Cheeseburgery hamburgers and the problem of computerised translations

Harold Schiffman haroldfs at
Sat Jan 31 16:06:49 UTC 2009

I'm replying primarily to Don Osborn on this because he raised the issue of how
relevant it is to language policy, or at least how relevant to this
list. I forwarded
the "cheeseburgery" message because I felt that relying on MT for translation
is often an excuse for allowing a maximized use of English in various contexts,
and then assuming that MT will take care of the "problem".

Other responders have shown here that some of the MT systems do a pretty
good job, especially with "technical" language. But I had experience with the
opposite a few years ago, when I helped edit an issue of a journal on the topic
of the sociolinguistics of minority languages in France. All the articles were
in English, but it was my job to make them sound better in English, since they
had all been written by non-mother-tongue speakers of English. But one
in particular
had been machine-translated from French, and I found it impossible to make it
sound like "good" English. It was beyond help.  We finally went back
to square one
and had it translated  again, by a human being.

Maybe sociolinguistics is beyond the domain of "technical" writing,
and maybe that
was the reason the MT failed.

But I do think MT is a "policy" issue and will continue to haunt us in
anything we write
that involves metaphor, figurative language, poetry, and stuff like that.


On Sat, Jan 31, 2009 at 10:54 AM, Al Haraka <alharaka at> wrote:
> Nataly,
> Thanks for the great response.  I was very into this in college and took the
> only classes available at my school on NLP.  This is a good review.  I will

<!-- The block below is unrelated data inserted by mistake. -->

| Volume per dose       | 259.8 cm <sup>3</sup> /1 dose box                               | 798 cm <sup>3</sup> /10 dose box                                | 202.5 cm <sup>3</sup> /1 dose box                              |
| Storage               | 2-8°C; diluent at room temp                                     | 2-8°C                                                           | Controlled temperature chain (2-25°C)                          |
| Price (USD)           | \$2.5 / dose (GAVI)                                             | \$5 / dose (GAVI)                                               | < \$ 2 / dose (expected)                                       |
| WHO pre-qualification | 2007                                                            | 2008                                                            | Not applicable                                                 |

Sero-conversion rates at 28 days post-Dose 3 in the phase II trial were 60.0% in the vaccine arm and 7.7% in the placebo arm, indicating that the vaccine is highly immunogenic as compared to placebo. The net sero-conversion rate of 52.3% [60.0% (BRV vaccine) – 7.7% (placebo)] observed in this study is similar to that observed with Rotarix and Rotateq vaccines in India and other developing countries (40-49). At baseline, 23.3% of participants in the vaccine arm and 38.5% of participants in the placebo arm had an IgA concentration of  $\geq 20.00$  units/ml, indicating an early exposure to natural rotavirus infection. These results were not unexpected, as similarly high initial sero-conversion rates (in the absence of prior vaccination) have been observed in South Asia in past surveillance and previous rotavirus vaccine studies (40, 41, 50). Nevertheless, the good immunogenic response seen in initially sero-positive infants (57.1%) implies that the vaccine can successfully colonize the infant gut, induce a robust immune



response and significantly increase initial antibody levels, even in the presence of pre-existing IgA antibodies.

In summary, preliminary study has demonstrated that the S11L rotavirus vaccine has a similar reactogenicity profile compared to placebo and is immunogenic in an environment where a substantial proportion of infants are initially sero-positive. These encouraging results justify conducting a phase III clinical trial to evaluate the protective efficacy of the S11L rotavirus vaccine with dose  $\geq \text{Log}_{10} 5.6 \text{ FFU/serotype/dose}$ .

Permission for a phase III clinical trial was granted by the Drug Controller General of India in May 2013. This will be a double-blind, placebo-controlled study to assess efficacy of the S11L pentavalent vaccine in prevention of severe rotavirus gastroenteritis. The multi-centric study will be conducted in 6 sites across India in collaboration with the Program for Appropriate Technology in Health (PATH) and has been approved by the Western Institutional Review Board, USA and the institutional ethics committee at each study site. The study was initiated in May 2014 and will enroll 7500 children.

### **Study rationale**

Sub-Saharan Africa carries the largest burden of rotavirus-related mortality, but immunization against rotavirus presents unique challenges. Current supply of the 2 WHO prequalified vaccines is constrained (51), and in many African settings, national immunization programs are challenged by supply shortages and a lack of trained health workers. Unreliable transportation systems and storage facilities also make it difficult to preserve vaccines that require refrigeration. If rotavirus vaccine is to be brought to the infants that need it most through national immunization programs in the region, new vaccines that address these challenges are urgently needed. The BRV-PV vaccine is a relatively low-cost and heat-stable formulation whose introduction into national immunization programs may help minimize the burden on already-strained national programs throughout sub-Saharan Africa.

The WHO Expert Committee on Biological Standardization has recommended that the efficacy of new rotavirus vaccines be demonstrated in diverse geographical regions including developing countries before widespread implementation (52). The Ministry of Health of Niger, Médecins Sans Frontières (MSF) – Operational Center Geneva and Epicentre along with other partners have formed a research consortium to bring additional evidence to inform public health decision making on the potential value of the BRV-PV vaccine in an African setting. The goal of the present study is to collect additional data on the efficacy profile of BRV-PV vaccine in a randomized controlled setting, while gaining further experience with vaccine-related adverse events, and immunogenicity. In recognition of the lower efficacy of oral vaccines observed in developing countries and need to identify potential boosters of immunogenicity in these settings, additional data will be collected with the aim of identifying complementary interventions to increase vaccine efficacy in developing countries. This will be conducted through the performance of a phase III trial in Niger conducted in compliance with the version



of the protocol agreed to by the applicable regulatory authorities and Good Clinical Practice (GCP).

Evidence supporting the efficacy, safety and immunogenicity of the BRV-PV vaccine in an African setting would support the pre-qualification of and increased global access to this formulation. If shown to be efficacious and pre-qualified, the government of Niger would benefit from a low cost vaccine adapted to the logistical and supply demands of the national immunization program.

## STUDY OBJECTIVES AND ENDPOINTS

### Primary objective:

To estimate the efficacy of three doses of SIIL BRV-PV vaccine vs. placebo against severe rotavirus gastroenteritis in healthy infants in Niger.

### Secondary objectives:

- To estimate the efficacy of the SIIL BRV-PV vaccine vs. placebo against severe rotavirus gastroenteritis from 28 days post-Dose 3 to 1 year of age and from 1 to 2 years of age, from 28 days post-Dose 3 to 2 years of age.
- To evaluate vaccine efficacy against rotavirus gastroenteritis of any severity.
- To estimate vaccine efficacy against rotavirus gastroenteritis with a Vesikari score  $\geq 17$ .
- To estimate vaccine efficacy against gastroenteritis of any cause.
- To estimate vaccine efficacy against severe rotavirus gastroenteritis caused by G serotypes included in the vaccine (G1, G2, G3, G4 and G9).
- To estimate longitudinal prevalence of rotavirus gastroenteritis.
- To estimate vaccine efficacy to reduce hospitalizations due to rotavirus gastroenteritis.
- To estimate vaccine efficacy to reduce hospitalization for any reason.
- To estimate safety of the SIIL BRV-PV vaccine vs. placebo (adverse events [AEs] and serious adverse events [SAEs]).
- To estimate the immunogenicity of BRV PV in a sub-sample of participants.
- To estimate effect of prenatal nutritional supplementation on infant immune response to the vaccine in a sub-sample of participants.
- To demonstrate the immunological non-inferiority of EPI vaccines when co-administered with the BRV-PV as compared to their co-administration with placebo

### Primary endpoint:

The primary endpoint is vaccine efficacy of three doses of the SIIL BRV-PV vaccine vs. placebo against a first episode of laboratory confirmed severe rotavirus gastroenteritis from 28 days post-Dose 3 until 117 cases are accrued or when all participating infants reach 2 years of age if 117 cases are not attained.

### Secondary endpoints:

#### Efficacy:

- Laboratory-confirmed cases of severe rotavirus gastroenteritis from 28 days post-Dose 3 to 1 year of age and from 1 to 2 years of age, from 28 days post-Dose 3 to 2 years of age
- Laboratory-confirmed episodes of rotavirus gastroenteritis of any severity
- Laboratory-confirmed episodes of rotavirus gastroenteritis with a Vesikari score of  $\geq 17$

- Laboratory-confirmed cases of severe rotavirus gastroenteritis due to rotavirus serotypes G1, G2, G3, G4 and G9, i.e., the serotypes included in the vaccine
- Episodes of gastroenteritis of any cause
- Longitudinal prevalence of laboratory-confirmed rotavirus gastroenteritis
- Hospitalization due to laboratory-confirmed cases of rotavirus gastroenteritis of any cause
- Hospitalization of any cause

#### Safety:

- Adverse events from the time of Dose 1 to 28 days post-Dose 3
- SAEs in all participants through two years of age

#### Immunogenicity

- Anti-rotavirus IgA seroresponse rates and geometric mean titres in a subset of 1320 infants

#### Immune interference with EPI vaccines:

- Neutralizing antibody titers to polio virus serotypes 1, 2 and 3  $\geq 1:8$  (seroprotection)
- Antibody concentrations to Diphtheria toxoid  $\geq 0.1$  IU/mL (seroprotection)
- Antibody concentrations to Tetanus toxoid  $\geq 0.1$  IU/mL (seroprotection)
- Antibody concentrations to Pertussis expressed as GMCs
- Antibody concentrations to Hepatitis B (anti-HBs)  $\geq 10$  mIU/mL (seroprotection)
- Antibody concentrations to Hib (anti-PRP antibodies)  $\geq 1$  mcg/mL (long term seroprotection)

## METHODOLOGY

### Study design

> definitely read that article!
> Cheers,
> _AJS
> Nataly Kelly wrote:
>> Google's statistical MT engine( is available
>> in the following languages: Albanian, Arabic, Bulgarian, Catalan, Chinese,
>> Croatian, Czech, Danish, Dutch, English, Estonian, Filipino, Finnish,
>> French, Galician, German, Greek, Hebrew, Hindi, Hungarian, Indonesian,
>> Italian, Japanese, Korean, Latvian, Lithuanian, Maltese, Norwegian, Polish,
>> Portuguese, Romanian, Russian, Serbian, Slovak, Slovenian, Spanish, Swedish,
>> Thai, Turkish, Ukrainian and Vietnamese.
>> I will paste below a few recent Watchtower blog entries (independent
>> industry commentary) that might be of interest on the topic of both
>> rules-based and statistical MT. I would recommend clicking on the actual
>> page URLs to see the related links, videos and images in case they do not
>> display properly here. However, these just give a snapshot of the state of
>> the market, and do not dive into the technical details of the machine
>> translation engines. Those are often the subject of papers and presentations
>> within the localization and computational linguistics conference circuits.
>> For some types of projects, MT can actually work well, especially for
>> controlled language and technical content. The Pan American Health
>> Organization has had great success using their MT engine for technical
>> content. It is one of the best examples I have seen of domain-specific MT.
>> More information:
>> There are currently several language service providers (LSPs) whose
>> business model is centered around using free or nearly-free machine
>> translation with human post-editing. However, MT is also widely used for
>> gisting and is particularly helpful for scanning a large corpus to determine
>> which areas might require TM+post-editing or computer-assisted translation
>> (CAT) performed by humans but made easier through the use of translation
>> memory and software tools that aid with flagging repeated text so that it
>> only has to be translated once, terminology extraction and management tools
>> for ensuring consistent use of terminology, etc.